The End of the End of History
"Nobody should take for granted another 50 years of peace and prosperity in Europe. They are not for granted. That's why I say: If the euro fails, Europe fails," Merkel said, followed by a long applause from all political groups.
"We have a historical obligation: To protect by all means Europe's unification process begun by our forefathers after centuries of hatred and blood spill. None of us can foresee what the consequences would be if we were to fail." ...
"But debt restructuring alone does not solve the problem. Painful structural reforms have to be made, otherwise even after debt restructuring we're back to where we are today ... It's not enough that the troika comes and goes every three months. It would be desirable to have a permanent supervision in Greece."
Does Merkel have a choice? Or is she acting out the inevitable consequences of a policy that could have led only to one possible road -- the one she finds herself on?
That goal was the creation of a single and powerful state encompassing all of Western and parts of Eastern Europe. The endeavor was begun on the assumption that would guarantee peace and growing prosperity into the indefinite future. Instead it finds itself in a crisis. The EU can neither guarantee its own existence (or solvency) nor say with certainty what may follow in the wake of its failure.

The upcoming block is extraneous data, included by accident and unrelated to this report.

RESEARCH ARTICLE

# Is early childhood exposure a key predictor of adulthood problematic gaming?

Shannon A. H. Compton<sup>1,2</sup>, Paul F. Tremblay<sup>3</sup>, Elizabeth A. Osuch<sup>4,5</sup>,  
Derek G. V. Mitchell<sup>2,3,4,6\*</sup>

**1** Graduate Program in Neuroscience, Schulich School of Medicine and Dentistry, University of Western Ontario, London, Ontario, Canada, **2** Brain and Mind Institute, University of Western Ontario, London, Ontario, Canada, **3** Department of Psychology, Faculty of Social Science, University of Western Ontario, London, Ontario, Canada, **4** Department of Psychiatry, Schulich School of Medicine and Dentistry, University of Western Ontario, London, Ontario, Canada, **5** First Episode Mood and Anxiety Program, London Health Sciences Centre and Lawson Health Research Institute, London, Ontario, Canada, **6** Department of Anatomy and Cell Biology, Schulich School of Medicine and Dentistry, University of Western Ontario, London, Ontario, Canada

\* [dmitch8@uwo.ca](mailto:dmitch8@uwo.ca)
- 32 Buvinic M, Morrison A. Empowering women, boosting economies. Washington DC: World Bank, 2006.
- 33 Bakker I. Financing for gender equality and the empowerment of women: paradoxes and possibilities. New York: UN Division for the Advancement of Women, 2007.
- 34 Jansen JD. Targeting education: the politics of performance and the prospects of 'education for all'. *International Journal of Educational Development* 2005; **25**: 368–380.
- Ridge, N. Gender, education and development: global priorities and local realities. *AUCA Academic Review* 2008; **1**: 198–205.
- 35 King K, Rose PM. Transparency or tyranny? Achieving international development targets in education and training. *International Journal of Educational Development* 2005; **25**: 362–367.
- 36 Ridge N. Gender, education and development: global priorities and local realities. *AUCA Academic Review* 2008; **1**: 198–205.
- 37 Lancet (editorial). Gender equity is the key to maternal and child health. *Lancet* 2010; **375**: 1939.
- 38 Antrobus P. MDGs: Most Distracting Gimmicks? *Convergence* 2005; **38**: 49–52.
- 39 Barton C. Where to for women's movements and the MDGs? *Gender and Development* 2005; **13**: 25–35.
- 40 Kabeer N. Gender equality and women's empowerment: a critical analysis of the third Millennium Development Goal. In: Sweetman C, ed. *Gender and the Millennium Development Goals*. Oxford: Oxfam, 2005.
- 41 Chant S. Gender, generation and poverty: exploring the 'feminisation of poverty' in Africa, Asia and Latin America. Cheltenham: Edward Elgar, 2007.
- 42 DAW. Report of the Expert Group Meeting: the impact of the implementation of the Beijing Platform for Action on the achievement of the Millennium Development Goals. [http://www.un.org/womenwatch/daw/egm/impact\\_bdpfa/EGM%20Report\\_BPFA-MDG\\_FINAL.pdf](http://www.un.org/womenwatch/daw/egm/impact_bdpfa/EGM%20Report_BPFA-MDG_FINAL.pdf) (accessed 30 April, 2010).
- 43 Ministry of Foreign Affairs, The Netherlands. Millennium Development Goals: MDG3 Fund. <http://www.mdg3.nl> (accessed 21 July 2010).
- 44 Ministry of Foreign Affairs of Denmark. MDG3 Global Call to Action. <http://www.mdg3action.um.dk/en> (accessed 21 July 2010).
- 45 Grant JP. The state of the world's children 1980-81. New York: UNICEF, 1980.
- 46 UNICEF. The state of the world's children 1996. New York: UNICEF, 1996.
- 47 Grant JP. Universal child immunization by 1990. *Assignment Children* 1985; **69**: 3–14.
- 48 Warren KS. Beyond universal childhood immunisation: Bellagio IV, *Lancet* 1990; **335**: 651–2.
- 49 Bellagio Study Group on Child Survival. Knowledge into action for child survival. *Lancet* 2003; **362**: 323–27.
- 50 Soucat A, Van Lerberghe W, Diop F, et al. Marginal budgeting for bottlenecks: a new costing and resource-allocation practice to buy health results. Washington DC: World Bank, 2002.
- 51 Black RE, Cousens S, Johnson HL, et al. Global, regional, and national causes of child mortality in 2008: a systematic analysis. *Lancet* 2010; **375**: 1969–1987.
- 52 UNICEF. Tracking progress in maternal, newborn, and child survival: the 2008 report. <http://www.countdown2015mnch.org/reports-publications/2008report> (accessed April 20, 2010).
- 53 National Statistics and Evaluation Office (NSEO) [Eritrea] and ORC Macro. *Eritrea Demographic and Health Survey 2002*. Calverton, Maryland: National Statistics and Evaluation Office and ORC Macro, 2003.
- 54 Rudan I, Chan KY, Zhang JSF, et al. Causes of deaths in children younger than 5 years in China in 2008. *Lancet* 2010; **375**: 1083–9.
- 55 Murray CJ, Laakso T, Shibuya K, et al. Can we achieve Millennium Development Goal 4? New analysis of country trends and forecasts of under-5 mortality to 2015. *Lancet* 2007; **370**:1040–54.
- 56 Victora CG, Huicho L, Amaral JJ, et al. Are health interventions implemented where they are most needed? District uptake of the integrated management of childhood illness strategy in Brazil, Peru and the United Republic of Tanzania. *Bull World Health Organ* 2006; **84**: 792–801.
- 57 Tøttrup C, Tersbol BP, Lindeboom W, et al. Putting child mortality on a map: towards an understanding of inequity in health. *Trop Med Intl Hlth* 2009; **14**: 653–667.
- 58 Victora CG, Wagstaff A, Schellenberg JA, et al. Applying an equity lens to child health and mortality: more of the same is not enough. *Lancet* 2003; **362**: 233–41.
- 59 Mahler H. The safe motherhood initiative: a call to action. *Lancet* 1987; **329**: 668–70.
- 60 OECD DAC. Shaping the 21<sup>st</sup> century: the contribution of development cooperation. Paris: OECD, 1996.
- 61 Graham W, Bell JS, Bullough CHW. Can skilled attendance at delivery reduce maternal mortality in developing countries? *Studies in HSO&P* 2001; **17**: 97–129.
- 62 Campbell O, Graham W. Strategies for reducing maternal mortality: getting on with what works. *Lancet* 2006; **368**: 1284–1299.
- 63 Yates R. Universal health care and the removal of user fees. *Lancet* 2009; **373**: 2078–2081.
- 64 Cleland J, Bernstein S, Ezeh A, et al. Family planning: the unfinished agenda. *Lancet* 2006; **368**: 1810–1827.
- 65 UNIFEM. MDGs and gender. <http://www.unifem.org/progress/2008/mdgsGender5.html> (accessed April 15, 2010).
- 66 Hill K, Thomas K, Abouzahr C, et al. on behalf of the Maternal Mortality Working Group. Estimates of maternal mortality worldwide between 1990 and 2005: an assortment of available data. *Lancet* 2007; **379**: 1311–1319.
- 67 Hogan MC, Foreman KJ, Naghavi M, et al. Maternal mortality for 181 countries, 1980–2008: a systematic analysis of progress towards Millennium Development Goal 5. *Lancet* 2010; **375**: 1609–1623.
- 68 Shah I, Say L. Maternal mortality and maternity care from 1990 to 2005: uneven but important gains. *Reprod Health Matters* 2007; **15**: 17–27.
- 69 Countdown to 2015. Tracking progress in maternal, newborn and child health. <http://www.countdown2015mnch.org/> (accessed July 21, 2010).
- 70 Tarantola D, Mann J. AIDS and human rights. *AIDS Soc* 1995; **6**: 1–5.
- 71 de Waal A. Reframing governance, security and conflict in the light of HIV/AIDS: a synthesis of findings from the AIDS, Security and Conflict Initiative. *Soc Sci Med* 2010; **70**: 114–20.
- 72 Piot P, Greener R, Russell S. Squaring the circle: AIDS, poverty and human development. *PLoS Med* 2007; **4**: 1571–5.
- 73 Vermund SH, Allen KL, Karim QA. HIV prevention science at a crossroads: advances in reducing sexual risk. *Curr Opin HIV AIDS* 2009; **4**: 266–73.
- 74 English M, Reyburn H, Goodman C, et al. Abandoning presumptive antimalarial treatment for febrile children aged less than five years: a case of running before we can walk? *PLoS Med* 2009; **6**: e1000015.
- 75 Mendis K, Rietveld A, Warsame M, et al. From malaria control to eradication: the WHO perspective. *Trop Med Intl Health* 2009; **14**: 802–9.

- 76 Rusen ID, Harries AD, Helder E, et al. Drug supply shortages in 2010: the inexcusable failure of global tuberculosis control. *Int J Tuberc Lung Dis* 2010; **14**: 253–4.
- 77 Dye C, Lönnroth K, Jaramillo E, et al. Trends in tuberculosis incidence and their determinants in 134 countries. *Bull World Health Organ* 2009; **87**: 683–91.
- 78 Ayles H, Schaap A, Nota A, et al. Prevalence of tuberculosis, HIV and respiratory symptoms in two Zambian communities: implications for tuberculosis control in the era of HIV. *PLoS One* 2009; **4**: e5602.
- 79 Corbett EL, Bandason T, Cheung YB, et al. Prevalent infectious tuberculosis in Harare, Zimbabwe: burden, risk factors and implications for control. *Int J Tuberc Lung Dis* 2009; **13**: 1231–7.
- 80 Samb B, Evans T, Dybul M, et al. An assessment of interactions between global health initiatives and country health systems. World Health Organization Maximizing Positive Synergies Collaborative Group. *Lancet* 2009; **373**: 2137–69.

What went wrong? One line of thinking is that the project itself created the crisis. By growing like a tumor the European superstate stifled growth. It malinvested in "social programs" which produced no return, only sullen dependencies like Greece and whole classes of people who felt entitled to guaranteed incomes in both old age and early youth. According to this analysis, the EU is dying like the dinosaurs, of gigantism. Richard Epstein of New York University does his best to convince NPR that ordinary life holds up the world in despite of the best efforts by planners to enlist its fruits in the Great Projects.